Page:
Overview of global ovine respiratory disorders of small ruminants

Peter Windsor, Professor Emeritus, Faculty of Veterinary Science, University of Sydney

Posted Flock & Herd March 2016


Throughout the world, the most common respiratory disorders of sheep are rhinitis/sinusitis and pneumonia, caused by a wide range of host-pathogen-environment (HPE) interactions that reflect the various sheep husbandry systems used in different countries. In Australia, where extensive husbandry systems predominate, with the exception of verminous rhinitis (Oestrous ovis) and pneumonia (Mullerius and Dictyocaulus spp) and CLA, the prevalence of clinical respiratory disease in small ruminants is generally considered sporadic and of lower priority than other health issues such as internal and external parasitism (although with modern broad-spectrum anthelmintics and increasing use of combination vaccines that include CLA, the clinical importance of these entities has also declined in recent decades). However, abattoir surveys in Australia and certainly in European countries, suggests that the contribution of pneumonic diseases to lowered sheep productivity may be underestimated. Pneumonic lesions are frequently seen at necropsy in sheep of all ages and clinical signs are often evident when flocks of sheep are driven. It is unlikely that all these cases are due to inappropriate anthelmintic administration causing aspiration pneumonia. Further, as intensifications systems for sheep production are on the increase in Australia, it is likely that respiratory diseases will emerge as a more important cause of production loss to the Australian sheep industry that will be deserving of more investigation and detailed research. 

However, there is no doubt about the importance of respiratory disorders in the many countries where sheep are housed for long periods and their respiratory tracts compromised by environmental insults (eg ammonia that compromises tracheal ciliary clearance mechanisms). This situation favours the  establishment of the various pathogens that lead to pneumonias of an acute, sub-acute, chronic, or progressive nature, that are a major cause of veterinary attention in small ruminant systems in European and the North American countries particularly.

Lower Respiratory Tract Disorders

Acute LRT disorders

Acute ovine pneumonias may be associated with infection with parainfluenza type 3 (PI-3), adenovirus, and respiratory syncytial virus, most often affecting lambs (and kids). PI-3 is an enveloped RNA virus (family Paramyxoviridae) that induces a generally mild interstitial pneumonia with signs that may include coughing, a serous nasal and/or ocular discharge, fever (40°–41°C), and hyperpnoea (or dyspnoea?). The single PI-3 serotype for sheep that has been identified is distinct from the bovine PI-3 serotype and the diagnosis  confirmed by its isolation from nasal swabs from affected animals, or by comparison of acute and convalescent serology. Treatment is usually only warranted in severely affected animals where secondary pathogens including Pasteurella multocida, Mannhaemia haemolytica, and Mycoplasma spp may have become established (note that PI-3 vaccines have not been specifically developed for use in small ruminants).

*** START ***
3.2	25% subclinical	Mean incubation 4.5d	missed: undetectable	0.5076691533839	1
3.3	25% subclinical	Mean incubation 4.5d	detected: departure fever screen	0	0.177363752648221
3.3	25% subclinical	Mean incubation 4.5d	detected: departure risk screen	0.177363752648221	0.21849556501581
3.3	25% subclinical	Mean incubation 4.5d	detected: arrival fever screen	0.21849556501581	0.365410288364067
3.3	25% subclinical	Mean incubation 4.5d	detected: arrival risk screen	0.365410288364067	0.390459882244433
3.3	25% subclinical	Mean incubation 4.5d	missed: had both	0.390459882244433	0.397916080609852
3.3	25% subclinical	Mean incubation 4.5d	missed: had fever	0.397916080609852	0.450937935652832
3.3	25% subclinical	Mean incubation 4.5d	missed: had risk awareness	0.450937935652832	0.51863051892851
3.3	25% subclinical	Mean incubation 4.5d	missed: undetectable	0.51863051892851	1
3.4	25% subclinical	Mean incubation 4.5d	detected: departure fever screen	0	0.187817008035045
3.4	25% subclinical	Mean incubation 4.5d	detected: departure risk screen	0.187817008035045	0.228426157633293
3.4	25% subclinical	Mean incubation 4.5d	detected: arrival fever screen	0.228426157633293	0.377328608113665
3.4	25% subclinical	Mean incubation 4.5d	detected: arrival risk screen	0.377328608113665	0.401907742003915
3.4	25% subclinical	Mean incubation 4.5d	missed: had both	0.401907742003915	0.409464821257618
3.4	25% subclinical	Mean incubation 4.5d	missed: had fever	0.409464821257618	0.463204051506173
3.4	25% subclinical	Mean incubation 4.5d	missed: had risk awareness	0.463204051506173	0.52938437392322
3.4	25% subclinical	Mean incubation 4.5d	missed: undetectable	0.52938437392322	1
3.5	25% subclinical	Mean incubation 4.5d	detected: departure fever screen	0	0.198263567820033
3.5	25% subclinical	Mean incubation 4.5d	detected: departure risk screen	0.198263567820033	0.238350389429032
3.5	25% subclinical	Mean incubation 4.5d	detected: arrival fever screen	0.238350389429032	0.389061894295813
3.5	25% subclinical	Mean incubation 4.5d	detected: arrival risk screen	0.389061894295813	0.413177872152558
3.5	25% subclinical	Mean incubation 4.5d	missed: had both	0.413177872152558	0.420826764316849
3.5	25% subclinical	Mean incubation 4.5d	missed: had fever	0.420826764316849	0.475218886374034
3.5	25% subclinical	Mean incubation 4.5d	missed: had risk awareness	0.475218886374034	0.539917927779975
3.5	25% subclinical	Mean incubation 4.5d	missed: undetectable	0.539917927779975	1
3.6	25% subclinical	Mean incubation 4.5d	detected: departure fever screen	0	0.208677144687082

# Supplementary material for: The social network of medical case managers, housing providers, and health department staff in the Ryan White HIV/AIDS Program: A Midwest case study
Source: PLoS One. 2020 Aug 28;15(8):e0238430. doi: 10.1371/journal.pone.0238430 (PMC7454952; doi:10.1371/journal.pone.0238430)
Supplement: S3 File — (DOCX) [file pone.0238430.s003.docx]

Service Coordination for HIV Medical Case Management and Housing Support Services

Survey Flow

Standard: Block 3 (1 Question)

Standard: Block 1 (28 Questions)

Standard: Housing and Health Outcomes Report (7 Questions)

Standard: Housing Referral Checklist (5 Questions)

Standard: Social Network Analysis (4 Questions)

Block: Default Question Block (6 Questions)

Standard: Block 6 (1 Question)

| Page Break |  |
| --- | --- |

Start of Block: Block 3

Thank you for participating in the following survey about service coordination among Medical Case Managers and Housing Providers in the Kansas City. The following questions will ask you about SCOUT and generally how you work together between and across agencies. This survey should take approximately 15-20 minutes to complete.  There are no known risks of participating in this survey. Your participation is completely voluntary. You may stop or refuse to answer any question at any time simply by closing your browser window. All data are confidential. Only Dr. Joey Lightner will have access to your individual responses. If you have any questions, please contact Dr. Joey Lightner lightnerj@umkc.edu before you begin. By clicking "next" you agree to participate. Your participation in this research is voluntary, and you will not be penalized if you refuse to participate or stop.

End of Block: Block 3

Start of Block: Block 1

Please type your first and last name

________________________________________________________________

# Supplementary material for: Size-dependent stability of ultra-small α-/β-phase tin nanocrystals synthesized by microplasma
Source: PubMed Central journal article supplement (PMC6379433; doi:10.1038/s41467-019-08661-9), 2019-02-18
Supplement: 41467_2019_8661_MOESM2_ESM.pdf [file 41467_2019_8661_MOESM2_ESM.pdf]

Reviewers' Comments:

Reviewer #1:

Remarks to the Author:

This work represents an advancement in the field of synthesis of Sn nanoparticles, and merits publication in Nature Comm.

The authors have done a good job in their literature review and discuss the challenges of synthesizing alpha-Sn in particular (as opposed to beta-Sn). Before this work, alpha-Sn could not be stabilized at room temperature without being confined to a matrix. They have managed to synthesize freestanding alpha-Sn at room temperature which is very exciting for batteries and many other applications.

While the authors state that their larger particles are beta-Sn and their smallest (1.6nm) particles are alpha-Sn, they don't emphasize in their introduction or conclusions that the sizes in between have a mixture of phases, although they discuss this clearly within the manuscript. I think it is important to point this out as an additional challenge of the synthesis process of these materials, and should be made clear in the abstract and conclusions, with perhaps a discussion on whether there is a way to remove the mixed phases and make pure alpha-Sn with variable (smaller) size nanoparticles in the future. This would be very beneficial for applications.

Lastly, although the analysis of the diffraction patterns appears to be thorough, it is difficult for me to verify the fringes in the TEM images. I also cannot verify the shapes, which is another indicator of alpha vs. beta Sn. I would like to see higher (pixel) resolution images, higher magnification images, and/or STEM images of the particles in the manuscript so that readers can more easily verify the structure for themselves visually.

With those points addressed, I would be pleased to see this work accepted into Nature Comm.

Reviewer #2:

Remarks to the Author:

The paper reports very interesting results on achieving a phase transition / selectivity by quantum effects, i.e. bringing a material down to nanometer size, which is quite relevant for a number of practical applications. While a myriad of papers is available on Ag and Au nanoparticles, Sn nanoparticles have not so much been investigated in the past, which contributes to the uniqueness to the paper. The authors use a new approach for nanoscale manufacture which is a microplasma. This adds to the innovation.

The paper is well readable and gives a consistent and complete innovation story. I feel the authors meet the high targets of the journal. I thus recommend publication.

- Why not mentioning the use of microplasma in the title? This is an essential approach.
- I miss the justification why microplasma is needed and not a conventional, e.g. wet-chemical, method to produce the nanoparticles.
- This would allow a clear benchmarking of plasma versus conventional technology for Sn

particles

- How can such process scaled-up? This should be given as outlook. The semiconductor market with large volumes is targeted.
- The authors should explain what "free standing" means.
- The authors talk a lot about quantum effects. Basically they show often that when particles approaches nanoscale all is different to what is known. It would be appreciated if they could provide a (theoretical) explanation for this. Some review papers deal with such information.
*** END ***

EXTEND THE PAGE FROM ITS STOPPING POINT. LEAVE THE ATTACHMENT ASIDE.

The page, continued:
Ovine Respiratory Disease Complex

The pathogens M haemolytica (Mh), P multocida (Pm), Mycoplasma spp, Chlamydia pneumoniae, and Salmonella spp may also be associated with primary acute to subacute bronchopneumonia in sheep and goats, although Mh and Pm can be cultured from the upper respiratory tract of normal sheep and goats. Mycoplasma ovipneumoniae can cause a mild bronchopneumonia alone, although is more often isolated along with Mh from sheep and goats with severe pneumonia, suggesting that the Mycoplasma (potentially with some or all of the above viral infections) may predispose the lung to invasion by this organism, with peracute cases manifest as septicaemia also occurring. The HPE 'stress' factors involved in acute bronchopneumonia of small ruminants include: introduction of new animals; high stocking density; poor ventilation; and sudden alterations in nutrition (eg acute to subacute acidosis); although other factors may also predispose to development of pneumonia in this Ovine Respiratory Disease Complex, a major cause of mortality and morbidity in lambs in intensive husbandry in many parts of the world.

Chronic LRT disorders

Chronic, progressive viral pneumonia is relatively common in adult small ruminants in may parts of the world other than Australia and NZ, and includes progressive interstitial pneumonia due to lentiviruses (family Retroviridae) or ovine progressive pneumonia (Marshes progressive pneumonia in North America or Maedi in European countries) and ovine pulmonary adenocarcinoma (Jaagsiekte or the contagious lung tumor of sheep and infrequently, of goats). Note that the retrovirus that causes pneumonia in goats, CAE virus (Caprine Arthritis and Encephalitis) has been present in Australia since the 1970's. Chronic, progressive, interstitial proliferative pneumonia is usually associated with the lentiviruses (so-called slow-virus infections). In both progressive pneumonia and pulmonary adenocarcinoma, the entire lung can be affected in a gradual proliferative process of pulmonary tissue resulting in progressive dyspnoea, anorexia, and weight loss.